Early online meetings helped attorneys get to know and trust each other. The easy set-up of face-to-face online meetings encouraged more meetings, more information exchanges and more productive settlement conversations. The easy meetings were akin to meeting in the hall with everyone in the same office just a door away. And being just a door away, aggressive combativeness became uncool.

Early online meetings – without the threat of trials or court proceedings – forced negotiation style changes. Instead of blind one-way missives in pleadings, texts, and emails, the parties visually met, heard, and watched each other’s reactions in real-time. In pre-mediation and mediation meetings, these real-time two-way discussions opened opportunities for laughter, small talk, cajoling, COVID comradery, empathy and trust. Instead of threats of how one side will imminently win in court, the pandemic forced parties to creatively think beyond what a court could order and to think about what might be attractive to an opponent now. The parties could agree on payments over time; future business opportunities; apologies or letters of recommendation; exchanges of property or cross-licensing of patents, or myriad other possibilities – even though none of these outcomes could be ordered by the court.

Early online meetings encouraged solutions rather than scoring points. With the possibility of scoring points in court gone, many parties creatively used online meetings and mediations as vehicles for collaboration and brainstorming, exchanges of information, and opportunities to create better outcomes than could be achieved in court. Doing nothing or churning fees without an opportunity for a resolution seemed wasteful. With less than 2% of cases going to trial in pre-COVID times and now even less in post-COVID times, the new normal of easy and frequent online conversations was an opportunity to talk, cooperate and dispose of cases without inordinate pre-trial costs or delay.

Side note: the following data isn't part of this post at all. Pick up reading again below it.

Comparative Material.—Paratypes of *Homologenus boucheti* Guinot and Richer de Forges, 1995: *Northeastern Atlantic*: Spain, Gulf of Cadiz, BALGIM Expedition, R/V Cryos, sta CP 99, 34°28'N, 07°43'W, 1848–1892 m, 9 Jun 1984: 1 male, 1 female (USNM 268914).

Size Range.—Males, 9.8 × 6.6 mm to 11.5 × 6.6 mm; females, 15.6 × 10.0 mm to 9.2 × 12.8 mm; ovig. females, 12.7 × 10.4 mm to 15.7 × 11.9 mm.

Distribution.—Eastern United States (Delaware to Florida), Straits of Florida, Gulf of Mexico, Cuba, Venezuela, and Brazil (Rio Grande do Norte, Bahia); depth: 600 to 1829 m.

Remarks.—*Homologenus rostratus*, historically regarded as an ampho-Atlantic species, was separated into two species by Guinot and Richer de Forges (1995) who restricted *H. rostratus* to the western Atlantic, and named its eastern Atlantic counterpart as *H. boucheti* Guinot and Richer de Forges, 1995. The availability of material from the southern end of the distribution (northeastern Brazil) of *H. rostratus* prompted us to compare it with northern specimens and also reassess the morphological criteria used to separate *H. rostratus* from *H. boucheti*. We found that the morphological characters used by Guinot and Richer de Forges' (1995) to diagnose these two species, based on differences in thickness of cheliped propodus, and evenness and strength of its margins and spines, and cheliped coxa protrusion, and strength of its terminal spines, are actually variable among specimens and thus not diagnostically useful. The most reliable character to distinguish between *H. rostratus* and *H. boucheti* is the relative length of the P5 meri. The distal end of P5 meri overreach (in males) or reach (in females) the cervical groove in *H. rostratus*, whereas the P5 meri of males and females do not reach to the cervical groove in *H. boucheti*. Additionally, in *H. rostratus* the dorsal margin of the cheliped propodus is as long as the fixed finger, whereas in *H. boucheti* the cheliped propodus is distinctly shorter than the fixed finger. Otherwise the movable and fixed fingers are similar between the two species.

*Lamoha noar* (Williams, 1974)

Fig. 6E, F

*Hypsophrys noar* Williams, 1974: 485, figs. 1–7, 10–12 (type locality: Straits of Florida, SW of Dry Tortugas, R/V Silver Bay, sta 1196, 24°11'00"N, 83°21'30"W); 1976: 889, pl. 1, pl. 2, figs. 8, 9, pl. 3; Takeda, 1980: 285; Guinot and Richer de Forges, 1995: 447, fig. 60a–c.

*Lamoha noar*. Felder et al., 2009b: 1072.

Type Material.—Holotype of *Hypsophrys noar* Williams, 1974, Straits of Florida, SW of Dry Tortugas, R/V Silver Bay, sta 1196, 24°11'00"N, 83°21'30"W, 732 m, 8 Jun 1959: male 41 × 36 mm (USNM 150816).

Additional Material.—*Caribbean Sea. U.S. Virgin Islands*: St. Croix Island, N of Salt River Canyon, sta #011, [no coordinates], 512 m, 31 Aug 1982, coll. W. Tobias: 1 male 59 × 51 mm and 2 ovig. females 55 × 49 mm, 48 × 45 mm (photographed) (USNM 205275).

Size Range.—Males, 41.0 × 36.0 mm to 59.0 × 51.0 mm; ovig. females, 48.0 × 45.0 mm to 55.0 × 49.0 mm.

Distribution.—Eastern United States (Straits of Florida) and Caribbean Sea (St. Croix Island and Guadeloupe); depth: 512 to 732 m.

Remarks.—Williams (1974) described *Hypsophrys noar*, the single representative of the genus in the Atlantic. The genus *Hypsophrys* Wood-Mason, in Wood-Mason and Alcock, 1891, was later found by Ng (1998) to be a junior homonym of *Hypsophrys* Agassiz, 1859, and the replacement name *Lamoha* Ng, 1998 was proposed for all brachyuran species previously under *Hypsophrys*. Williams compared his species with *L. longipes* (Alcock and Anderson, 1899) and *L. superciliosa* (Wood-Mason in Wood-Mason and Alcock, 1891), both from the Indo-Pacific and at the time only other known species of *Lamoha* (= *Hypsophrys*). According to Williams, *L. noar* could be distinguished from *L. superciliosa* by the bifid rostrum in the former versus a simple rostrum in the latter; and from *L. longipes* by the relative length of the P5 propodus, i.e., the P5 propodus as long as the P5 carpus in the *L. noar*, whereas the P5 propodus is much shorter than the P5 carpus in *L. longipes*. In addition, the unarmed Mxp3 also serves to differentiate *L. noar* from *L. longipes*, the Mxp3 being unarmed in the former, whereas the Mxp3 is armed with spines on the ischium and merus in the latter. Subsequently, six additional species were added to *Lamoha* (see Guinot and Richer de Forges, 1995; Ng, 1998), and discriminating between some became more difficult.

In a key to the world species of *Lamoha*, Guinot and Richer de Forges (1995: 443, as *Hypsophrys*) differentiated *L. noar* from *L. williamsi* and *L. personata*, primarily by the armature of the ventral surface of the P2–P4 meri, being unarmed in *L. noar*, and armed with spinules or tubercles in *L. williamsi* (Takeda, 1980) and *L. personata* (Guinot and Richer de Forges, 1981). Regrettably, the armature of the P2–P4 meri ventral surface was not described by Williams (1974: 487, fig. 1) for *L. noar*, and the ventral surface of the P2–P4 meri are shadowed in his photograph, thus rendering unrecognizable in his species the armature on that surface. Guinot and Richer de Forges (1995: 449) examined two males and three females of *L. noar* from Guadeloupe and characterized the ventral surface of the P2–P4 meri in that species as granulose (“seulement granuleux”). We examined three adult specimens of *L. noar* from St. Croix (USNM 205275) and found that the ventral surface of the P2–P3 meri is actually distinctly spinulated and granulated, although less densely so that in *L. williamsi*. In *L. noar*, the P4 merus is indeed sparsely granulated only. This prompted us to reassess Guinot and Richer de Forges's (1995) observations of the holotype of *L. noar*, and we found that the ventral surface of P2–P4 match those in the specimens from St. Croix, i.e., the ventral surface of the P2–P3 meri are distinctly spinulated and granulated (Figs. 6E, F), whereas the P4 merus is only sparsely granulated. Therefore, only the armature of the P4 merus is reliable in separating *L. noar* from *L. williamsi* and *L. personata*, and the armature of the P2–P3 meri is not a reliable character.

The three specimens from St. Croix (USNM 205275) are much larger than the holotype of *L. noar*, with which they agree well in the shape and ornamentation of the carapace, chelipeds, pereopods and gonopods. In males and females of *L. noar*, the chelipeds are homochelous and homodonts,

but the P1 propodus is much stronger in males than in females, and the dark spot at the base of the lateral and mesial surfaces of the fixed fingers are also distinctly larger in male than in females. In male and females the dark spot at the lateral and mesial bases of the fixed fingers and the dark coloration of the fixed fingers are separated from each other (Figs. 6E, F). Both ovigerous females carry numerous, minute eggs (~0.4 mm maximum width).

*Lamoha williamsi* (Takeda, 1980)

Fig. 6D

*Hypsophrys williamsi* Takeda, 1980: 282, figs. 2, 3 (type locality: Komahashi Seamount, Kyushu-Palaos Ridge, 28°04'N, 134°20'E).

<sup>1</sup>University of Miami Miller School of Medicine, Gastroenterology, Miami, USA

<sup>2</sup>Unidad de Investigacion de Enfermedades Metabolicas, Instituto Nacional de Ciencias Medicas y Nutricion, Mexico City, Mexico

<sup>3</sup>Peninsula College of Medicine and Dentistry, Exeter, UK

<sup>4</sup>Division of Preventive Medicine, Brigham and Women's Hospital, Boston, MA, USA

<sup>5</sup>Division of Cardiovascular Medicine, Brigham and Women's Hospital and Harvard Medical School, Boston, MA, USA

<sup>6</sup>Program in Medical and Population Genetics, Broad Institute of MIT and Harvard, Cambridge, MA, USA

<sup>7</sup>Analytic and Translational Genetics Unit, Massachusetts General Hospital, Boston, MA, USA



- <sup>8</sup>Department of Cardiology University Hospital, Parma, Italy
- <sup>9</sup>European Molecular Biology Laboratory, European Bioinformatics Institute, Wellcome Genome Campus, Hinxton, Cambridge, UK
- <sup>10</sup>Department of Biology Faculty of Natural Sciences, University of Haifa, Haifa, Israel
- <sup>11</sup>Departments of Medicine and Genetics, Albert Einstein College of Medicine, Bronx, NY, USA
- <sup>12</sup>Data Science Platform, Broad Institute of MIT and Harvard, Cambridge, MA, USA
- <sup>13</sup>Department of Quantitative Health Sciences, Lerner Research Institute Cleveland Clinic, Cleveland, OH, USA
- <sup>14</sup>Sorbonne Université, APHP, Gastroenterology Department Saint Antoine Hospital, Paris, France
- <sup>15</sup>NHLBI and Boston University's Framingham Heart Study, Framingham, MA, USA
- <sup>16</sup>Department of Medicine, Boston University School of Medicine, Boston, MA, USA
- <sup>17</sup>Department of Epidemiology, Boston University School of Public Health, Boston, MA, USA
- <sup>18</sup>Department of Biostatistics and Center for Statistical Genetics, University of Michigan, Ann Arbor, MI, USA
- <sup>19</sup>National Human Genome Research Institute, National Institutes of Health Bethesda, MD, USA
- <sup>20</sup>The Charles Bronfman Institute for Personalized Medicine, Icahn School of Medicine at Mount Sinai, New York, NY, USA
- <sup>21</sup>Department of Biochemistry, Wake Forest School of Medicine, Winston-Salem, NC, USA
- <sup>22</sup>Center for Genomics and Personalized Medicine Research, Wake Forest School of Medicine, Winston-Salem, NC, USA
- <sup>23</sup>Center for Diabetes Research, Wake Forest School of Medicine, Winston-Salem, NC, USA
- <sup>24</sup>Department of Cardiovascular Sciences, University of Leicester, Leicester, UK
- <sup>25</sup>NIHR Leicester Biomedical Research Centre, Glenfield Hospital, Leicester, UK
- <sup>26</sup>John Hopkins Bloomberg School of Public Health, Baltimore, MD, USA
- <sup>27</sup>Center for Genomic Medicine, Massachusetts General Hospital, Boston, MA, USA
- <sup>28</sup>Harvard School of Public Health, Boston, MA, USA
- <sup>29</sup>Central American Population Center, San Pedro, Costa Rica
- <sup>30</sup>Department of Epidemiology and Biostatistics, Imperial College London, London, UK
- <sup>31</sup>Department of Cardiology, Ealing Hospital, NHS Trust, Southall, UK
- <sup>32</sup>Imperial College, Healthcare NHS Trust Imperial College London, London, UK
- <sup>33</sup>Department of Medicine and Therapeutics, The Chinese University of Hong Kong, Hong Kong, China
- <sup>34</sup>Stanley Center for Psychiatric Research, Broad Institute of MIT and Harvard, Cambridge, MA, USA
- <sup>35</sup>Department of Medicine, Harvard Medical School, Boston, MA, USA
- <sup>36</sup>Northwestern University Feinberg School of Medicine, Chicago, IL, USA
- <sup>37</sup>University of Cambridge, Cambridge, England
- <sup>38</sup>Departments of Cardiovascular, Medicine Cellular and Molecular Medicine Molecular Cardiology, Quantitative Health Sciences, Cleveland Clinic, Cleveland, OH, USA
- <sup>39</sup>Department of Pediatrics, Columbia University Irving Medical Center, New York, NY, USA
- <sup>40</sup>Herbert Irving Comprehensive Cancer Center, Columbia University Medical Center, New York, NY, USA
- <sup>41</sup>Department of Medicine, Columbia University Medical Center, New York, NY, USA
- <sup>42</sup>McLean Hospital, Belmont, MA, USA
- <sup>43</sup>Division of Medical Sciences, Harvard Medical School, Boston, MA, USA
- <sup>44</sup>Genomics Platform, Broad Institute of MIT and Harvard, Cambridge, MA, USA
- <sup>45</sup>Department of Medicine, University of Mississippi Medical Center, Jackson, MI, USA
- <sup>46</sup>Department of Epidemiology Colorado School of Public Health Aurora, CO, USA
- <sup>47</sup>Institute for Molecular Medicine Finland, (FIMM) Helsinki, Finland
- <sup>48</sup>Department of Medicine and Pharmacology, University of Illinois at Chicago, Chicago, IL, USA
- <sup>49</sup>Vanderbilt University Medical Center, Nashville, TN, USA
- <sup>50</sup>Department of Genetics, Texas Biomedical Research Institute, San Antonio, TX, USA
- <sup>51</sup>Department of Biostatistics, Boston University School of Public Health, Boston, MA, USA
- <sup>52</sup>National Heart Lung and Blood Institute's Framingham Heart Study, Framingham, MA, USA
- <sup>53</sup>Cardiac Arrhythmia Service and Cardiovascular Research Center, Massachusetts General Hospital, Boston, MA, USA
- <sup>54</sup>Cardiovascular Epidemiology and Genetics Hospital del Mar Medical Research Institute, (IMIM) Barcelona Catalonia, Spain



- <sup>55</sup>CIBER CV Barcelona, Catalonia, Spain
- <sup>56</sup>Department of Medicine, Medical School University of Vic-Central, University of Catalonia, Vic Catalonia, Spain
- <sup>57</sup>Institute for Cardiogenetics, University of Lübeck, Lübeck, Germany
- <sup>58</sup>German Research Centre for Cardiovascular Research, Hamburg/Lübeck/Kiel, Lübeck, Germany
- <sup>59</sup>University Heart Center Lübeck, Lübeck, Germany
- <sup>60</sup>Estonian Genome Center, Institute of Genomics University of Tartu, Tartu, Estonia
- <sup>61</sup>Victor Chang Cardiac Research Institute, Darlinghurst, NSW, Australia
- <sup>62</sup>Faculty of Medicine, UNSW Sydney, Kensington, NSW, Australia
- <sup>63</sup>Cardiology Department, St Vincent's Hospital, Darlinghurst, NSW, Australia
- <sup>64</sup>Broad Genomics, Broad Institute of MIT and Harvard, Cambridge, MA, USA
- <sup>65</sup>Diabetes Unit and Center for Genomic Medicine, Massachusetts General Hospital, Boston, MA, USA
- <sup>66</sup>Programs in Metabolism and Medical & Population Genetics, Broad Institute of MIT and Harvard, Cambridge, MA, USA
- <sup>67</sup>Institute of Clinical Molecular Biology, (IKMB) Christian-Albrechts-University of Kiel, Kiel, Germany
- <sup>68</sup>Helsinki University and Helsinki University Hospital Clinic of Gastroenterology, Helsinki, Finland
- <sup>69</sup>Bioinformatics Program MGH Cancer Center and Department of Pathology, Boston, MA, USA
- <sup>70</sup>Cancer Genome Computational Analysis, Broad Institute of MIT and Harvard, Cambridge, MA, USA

In the process, early online meetings changed how we processed disputes.

Most attorneys now prefer online mediations. Even as the courts reopen and in-person meetings are possible, few attorneys are choosing in-person mediations. The logistics of arranging an in-person mediation unnecessarily delay and complicate the scheduling of a mediation.

Many attorneys are now engaging in early mediations. With the encouragement of the courts, parties are more regularly engaging in early mediations and discovery referee meetings to ease and speed the exchange of information and the resolution of disputes.

The level of civility has skyrocketed. There seems to be something magical and disarming about working from home (with pets and kids and favorite snacks nearby), seeing the background, appearance, and conduct of others at home, and seeing yourself online in an equal box as everyone else. Almost universally, mediators and parties have reported that everyone seems nicer and more cooperative in online mediations.

And the negotiations have changed. With the absence of an imminent trial or dispositive motion, threats have decreased, and creativity and empathy have increased as means of finding solutions.

In the darkness of the pandemic some positive seeds sprouted that transformed, and continues to transform, how we resolve disputes. As the dawn breaks, let’s hope we are not blinded by adversarial tradition and continue to nurture what we learned in the darkness – our human species thrives best when we collaborate as friends rather than bully as enemies.